by David Wong
“He gathered all of his concentration and went about rolling the one, perfect cigarette that could save our universe.”
This books is crazy and not in the Hannibal Lector way. More like the Douglas Adams meets Ace Ventura way.
Mainly concerning the two friends David and John, and later Amy, the story begins when John stumbles across a drug ‘Soy Sauce’ at a party which opens his mind in unimaginable ways. Not only does time lose its linear quality, but matter itself is no longer to be trusted and Johns sees all manner of horrifying creatures populating our world while those not on the drug remain oblivious. Many of the effects, including a super-computer of a brain, wear off hours after use, but other effects seem more permanent. David doses as well, and the friends attempt to discover what’s happening to the world, why these creatures are crossing dimensions, and eventually, if they can be stopped.
Even that brief synopsis starts to sound a little wacky, but that doesn’t begin to touch how this reads. To better describe the sense of humor reference Douglas Adams, a master of revealing the absurdities of our lives and ridiculing them. While Adams would often reveal profound truths in his jokes and the author here generally does not, there are exceptions (“When a man plans, a woman laughs”). David Wong (pseudonym) is every bit as funny as Adams, though, and uses the same irreverence. Nothing is sacred and pop culture is often in the crosshairs. Add the Ace Ventura comparison to the mix because of the idiocy these guys constantly exhibit, even though the jokes are mostly delivered with straight faces.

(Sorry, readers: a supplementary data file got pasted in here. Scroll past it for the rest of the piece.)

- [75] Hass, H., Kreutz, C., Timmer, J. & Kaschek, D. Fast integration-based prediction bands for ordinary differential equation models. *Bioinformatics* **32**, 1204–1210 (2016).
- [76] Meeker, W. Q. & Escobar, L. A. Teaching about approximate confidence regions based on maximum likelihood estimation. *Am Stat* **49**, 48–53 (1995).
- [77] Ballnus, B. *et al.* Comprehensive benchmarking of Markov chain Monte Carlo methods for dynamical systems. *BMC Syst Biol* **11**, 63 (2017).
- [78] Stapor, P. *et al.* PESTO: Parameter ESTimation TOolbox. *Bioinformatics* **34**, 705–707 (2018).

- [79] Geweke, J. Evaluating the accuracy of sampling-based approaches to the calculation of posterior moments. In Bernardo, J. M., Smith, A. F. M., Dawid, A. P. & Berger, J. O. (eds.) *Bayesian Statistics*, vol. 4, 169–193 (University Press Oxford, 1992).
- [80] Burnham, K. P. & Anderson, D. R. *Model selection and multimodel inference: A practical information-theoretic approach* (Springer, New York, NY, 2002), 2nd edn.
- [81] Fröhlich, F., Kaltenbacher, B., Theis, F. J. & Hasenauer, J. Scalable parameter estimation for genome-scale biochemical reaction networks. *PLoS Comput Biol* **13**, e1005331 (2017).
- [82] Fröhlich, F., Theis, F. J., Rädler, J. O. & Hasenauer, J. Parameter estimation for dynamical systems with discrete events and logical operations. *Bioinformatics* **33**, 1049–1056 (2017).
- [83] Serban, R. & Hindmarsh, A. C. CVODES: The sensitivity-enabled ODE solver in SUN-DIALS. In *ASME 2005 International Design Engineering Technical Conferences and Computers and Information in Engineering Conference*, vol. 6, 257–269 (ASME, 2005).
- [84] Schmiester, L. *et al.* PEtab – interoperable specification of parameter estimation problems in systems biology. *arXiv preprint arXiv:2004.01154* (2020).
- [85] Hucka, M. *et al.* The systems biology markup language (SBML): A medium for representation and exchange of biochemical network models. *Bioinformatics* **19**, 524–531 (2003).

What can sometimes be a bit jarring, but welcome nonetheless, is when this humor butts up directly against a horrific event. This happens quite often, and while you’re guffawing and nearly choking on your food, in the next sentence when limbs are flying you might lose your appetite. You’ll certainly find the smile wiped off your face a couple of times.
There is also an interesting Afterward about how the book came about, with its origins in all but ignored online posts until momentum started to gather. And gather. Almost a proof of concept to those who may be frustrated by big publishing.
All in all you’ll probably find yourself very happy with this read. It’s a rare gift combining humor and horror and even rarer when that humor is maintained throughout. By the second half of the book events have gotten serious enough that the laughs die down comparatively to the first, but they are still present.
This is another highly recommended book, but mileage may vary. Horror is not really a genre where we find an overabundance of humor, but this book is one of the major exceptions. But because this level of humor does not appear too often in the field the book doesn’t exactly sit well on the shelf between IT and The Exorcist. It’s right at home next to Jeff Strand, though.
John Dies at the End is comically, foolishly, dangerously epic.